• 15. Fraility as a Predictor of Surgical Complications MedicalResearch.com Interview with Kenneth Ogan MD Department of Urology Emory University School of Medicine 1365 Clifton Rd. NE, Building B, Suite 1400 Atlanta, Georgia 30322 • MedicalResearch.com: What recommendations do you have for future research as a result of this study? • Dr. Ogan: We only included major intra-abdominal operations in our study, so future research should be focused on confirming these findings in more heterogeneous surgical populations. Additionally, a valuable study would be to determine the impact of preoperative interventions on postoperative outcomes in frail patients. • References • 1. Fried LP, Tangen CM, Walston J, et al. Frailty in older adults: evidence for a phenotype. J Geront A Biol Sci Med Sci. 2001; 56:146-156. • Citation: • Too Frail for Surgery?: Initial Results of a Large Multidisciplinary Prospective Study Examining Pre-operative Variables Predictive of Poor Surgical Outcomes • Louis M. Revenig, Daniel J. Canter, Maxwell D. Taylor, Caroline Tai, John F. Sweeney, Juan M. Sarmiento, David A. Kooby, Shishir K. Maithel, Viraj A. Master, Kenneth Ogan Read the rest of the interview on MedicalResearch.com
  • 16. Lung Cancer Screening CT Scans Can Predict Future Cardiovascular Events Dr. Pim A. de Jong, Department of Radiology University Medical Center Utrecht, Heidelberglaan 100, E.01.132, 3508GA Utrecht, the Netherlands. • MedicalResearch.com: What are the main findings of the study? • Dr. de Jong: The main findings of the study is that lung cancer screening CT scans can predict future cardiovascular events. • MedicalResearch.com: Where any of the findings unexpected? • Dr. de Jong: The unexpected aspect is that the CT scans were not-ECG gated, but even these non-gated scans were good enough to quantify arterial calcifications and predict risk. • MedicalResearch.com: What should patients and providers take home from this study? • Dr. de Jong: The implication is that cardiovascular prediction is possible based on CT scans obtained for another indication even when no ECG gating is applied. • MedicalResearch.com: What further research do you recommend as a result of your report? • Dr. de Jong: Future research should aim to test whether events can be prevented with medication and whether quality of life and survival can be improved at reasonable costs. After that has been proven one could think of implementation studies. • Citation: • Lung Cancer Screening CT-Based Prediction of Cardiovascular Events. • Mets OM, Vliegenthart R, Gondrie MJ, Viergever MA, Oudkerk M, de Koning HJ, Mali WP, Prokop M, van Klaveren RJ, van der Graaf Y, Buckens CF, Zanen P, Lammers JW, Groen HJ, Isgum I, de Jong PA. • JACC Cardiovasc Imaging. 2013 Jun 8. pii: S1936-878X(13)00332-X. doi: 10.1016/j.jcmg.2013.02.008. [Epub ahead of print] Read the rest of the interview on MedicalResearch.com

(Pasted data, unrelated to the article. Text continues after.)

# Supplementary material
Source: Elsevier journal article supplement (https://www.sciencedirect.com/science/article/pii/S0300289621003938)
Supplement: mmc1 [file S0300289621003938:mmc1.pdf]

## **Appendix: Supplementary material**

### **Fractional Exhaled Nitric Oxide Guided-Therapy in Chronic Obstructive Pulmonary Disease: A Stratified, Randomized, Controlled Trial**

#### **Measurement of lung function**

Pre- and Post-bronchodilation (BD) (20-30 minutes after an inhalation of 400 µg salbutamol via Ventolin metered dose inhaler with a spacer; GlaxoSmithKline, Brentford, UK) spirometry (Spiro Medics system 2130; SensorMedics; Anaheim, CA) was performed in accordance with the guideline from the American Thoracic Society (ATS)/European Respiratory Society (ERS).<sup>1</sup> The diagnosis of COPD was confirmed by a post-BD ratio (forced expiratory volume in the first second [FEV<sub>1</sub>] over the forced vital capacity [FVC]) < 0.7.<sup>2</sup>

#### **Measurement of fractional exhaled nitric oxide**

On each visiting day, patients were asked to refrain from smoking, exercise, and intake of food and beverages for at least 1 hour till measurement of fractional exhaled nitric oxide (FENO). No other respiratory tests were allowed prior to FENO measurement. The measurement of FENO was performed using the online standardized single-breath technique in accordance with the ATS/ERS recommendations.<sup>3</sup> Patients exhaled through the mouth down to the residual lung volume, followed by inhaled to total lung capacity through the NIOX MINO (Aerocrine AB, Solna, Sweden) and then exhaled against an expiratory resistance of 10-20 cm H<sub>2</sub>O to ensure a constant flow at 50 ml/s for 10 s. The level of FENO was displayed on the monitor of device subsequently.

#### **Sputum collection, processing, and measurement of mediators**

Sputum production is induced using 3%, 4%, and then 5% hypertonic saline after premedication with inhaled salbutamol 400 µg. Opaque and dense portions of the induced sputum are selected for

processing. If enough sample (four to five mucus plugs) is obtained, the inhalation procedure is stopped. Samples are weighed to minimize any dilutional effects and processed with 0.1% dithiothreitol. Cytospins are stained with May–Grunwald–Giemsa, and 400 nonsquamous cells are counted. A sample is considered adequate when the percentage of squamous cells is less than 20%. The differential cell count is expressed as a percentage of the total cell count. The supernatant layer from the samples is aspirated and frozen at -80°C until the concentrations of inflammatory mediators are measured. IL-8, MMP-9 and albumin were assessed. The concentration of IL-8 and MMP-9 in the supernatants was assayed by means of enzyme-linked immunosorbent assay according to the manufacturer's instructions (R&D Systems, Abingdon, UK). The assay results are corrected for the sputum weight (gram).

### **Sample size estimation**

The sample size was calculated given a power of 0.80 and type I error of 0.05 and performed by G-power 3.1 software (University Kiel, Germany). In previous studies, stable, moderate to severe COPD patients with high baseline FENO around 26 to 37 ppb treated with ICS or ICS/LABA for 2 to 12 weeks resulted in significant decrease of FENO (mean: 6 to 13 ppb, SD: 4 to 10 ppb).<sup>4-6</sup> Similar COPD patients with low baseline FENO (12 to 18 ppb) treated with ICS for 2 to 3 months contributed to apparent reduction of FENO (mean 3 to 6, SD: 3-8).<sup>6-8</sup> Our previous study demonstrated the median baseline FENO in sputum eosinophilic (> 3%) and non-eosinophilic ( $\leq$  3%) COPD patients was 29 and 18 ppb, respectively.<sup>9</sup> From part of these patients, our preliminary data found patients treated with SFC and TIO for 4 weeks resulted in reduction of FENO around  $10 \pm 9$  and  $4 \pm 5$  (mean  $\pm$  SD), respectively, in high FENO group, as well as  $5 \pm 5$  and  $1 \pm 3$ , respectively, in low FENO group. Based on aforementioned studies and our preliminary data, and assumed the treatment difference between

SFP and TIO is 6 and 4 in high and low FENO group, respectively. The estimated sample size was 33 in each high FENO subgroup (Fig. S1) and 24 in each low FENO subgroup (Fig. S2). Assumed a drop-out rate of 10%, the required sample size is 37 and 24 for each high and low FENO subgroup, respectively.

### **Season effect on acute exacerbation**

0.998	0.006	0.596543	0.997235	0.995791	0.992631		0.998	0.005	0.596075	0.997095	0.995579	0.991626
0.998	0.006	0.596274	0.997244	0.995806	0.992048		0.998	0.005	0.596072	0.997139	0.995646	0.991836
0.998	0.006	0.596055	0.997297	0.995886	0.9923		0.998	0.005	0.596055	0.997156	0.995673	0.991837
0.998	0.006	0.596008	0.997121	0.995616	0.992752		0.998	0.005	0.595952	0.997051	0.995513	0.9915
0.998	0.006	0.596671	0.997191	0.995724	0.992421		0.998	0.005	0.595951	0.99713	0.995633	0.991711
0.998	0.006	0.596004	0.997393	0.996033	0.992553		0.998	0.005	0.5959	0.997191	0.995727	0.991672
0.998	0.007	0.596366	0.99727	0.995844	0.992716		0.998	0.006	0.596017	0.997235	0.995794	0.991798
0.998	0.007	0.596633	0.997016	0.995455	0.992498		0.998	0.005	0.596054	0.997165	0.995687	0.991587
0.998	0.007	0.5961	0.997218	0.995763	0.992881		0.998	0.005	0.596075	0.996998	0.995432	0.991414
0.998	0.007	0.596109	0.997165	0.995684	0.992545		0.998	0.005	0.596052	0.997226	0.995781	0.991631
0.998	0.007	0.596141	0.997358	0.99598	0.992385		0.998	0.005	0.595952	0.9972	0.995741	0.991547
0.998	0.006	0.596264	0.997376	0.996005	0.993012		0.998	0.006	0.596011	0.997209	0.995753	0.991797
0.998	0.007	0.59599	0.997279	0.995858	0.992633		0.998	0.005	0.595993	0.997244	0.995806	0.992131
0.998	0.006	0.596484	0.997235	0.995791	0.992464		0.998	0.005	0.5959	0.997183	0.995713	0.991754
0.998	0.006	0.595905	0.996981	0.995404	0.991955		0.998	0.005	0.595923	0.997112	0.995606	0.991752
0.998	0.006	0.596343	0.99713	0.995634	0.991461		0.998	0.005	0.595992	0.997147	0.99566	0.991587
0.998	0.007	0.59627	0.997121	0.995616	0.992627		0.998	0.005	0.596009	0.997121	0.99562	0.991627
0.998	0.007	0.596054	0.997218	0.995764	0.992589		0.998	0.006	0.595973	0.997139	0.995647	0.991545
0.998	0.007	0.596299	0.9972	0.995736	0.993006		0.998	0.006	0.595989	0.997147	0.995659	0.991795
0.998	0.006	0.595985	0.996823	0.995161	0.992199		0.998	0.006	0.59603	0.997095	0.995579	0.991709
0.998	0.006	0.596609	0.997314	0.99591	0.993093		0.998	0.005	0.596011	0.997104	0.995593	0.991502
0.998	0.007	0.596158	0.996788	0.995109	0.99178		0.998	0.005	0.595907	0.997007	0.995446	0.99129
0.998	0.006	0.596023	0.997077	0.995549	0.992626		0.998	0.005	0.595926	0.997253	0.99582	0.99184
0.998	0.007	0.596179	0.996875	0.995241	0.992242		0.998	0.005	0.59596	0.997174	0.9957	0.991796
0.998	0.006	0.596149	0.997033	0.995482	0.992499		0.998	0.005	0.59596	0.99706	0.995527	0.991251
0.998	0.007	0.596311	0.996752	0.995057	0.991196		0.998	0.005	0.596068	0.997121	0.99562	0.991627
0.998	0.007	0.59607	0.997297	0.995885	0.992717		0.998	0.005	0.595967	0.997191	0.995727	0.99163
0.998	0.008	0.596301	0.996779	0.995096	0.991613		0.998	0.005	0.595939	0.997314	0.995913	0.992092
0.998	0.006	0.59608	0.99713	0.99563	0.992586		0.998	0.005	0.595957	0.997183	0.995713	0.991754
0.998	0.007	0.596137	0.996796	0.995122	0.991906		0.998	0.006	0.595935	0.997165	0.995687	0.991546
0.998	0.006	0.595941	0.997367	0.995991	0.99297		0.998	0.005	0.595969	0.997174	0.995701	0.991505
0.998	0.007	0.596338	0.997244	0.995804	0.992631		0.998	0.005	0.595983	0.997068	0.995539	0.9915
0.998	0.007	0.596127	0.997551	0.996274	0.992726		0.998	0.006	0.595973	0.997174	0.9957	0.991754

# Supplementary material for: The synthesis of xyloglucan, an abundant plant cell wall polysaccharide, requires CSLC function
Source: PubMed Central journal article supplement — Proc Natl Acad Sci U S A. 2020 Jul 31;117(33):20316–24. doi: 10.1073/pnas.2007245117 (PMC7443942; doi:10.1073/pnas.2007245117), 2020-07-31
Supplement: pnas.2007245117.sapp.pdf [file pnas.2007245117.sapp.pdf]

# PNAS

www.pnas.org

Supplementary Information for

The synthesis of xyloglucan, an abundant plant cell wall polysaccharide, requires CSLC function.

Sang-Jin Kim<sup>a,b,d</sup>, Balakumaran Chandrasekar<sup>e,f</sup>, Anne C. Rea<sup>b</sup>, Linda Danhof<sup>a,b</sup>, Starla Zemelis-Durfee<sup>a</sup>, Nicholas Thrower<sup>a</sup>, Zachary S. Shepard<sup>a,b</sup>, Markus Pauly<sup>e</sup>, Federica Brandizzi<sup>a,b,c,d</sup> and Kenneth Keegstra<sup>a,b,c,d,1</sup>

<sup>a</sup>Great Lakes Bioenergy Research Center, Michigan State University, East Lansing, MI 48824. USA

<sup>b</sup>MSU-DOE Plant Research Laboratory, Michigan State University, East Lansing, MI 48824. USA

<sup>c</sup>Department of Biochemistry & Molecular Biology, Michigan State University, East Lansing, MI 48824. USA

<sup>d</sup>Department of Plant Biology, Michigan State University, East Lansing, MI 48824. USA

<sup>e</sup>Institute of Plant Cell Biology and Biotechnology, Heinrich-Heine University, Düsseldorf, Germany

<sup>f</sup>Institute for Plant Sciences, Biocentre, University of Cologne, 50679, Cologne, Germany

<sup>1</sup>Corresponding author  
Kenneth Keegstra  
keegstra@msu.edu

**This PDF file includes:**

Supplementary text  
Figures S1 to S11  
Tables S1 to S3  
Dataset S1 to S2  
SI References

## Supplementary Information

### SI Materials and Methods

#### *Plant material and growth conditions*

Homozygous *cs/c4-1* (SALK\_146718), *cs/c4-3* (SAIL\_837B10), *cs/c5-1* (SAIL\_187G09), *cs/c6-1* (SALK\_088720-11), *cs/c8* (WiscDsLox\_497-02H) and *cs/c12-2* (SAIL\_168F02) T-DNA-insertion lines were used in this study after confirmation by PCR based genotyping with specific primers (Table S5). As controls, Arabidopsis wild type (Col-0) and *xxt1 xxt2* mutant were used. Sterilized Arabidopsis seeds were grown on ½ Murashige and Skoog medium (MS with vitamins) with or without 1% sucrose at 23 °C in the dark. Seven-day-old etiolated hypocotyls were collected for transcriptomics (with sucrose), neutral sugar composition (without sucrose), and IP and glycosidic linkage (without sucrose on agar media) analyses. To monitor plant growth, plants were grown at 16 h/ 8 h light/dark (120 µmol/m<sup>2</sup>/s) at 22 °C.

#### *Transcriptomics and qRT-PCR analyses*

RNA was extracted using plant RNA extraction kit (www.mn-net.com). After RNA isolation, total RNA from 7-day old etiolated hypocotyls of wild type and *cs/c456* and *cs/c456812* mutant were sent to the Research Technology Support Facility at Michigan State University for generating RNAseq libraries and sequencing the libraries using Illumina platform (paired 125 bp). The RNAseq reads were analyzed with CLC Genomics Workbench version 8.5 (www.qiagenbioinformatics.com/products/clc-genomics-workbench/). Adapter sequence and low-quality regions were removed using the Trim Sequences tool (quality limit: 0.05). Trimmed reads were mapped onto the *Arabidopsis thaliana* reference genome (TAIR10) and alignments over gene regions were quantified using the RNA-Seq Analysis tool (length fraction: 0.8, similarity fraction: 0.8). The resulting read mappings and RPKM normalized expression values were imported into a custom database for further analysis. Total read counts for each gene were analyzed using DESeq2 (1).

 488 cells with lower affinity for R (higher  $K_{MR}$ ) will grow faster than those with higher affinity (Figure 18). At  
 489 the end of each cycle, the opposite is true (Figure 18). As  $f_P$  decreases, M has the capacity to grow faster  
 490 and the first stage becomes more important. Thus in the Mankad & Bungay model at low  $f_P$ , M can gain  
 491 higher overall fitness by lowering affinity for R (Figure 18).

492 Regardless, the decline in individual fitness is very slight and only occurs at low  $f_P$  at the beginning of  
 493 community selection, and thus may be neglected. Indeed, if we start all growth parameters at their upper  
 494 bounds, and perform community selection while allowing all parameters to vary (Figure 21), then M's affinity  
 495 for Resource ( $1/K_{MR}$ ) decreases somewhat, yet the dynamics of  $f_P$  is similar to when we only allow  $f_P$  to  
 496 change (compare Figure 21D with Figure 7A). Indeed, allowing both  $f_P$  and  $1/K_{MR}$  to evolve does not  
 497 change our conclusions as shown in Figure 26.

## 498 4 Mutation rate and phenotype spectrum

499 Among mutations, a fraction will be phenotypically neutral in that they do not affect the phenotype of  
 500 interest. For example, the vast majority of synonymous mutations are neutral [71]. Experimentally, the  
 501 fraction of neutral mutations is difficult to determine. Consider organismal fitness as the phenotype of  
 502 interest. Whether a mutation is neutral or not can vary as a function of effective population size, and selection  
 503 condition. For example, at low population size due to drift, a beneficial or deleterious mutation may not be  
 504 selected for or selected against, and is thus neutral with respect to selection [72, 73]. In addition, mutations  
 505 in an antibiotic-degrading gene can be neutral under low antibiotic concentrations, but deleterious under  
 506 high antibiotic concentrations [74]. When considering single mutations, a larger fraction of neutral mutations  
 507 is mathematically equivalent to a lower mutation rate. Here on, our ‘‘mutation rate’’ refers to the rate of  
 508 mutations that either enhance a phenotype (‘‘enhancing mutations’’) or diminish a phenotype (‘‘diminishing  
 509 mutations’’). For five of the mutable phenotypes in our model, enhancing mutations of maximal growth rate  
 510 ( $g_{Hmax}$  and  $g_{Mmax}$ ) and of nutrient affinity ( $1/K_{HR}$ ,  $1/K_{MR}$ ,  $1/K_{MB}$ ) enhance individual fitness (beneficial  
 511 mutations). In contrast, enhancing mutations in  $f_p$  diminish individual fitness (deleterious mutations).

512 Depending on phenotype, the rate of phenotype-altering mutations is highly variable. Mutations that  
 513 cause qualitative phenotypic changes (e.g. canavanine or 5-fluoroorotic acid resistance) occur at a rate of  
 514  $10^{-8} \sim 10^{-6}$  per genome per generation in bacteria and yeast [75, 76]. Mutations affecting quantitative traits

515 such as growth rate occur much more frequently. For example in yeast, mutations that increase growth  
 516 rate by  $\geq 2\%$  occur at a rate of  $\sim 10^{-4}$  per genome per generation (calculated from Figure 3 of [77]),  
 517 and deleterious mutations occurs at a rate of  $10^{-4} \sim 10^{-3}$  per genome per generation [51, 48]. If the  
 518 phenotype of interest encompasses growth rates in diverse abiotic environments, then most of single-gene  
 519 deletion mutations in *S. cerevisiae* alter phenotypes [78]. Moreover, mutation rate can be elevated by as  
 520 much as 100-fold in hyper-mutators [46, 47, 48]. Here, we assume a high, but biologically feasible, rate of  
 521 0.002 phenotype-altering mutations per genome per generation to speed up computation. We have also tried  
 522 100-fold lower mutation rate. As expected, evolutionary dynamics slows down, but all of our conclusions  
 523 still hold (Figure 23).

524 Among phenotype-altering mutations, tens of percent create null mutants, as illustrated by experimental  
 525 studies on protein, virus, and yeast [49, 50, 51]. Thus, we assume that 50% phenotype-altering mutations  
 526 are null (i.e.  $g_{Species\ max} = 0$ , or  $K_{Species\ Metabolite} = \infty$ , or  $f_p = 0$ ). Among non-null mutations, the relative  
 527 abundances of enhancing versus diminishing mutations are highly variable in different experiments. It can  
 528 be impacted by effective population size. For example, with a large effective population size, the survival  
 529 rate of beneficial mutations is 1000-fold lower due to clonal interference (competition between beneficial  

• 17. PAD: Home-Based Walking Exercise Intervention MedicalResearch.com Interview with: Mary McGrae McDermott, MD Professor of Medicine Northwestern University Feinberg School of Medicine Contributing Editor, JAMA Home-Based Walking Exercise Intervention in Peripheral Artery Disease A Randomized Clinical Trial • MedicalResearch.com: What are the main findings of the study? • Answer: The goals trial found that a group-mediated cognitive behavioral intervention significantly improved six-minute walk performance, physical activity levels, and patient-perceived walking performance compared to a control group. The gains in six-minute walk in the intervention group were consistent with a large meaningful change in walking performance.

were any of the findings unexpected?

the magnitude of the gain in six-minute walk was greater than that observed in supervised treadmill exercise interventions in people with pad. In addition, our prior work shows that a supervised treadmill exercise intervention does not significantly increase physical activity levels in daily life. However, the current home-based intervention significantly improved physical activity levels in daily life. • MedicalResearch.com: What should clinicians and patients take away from your report?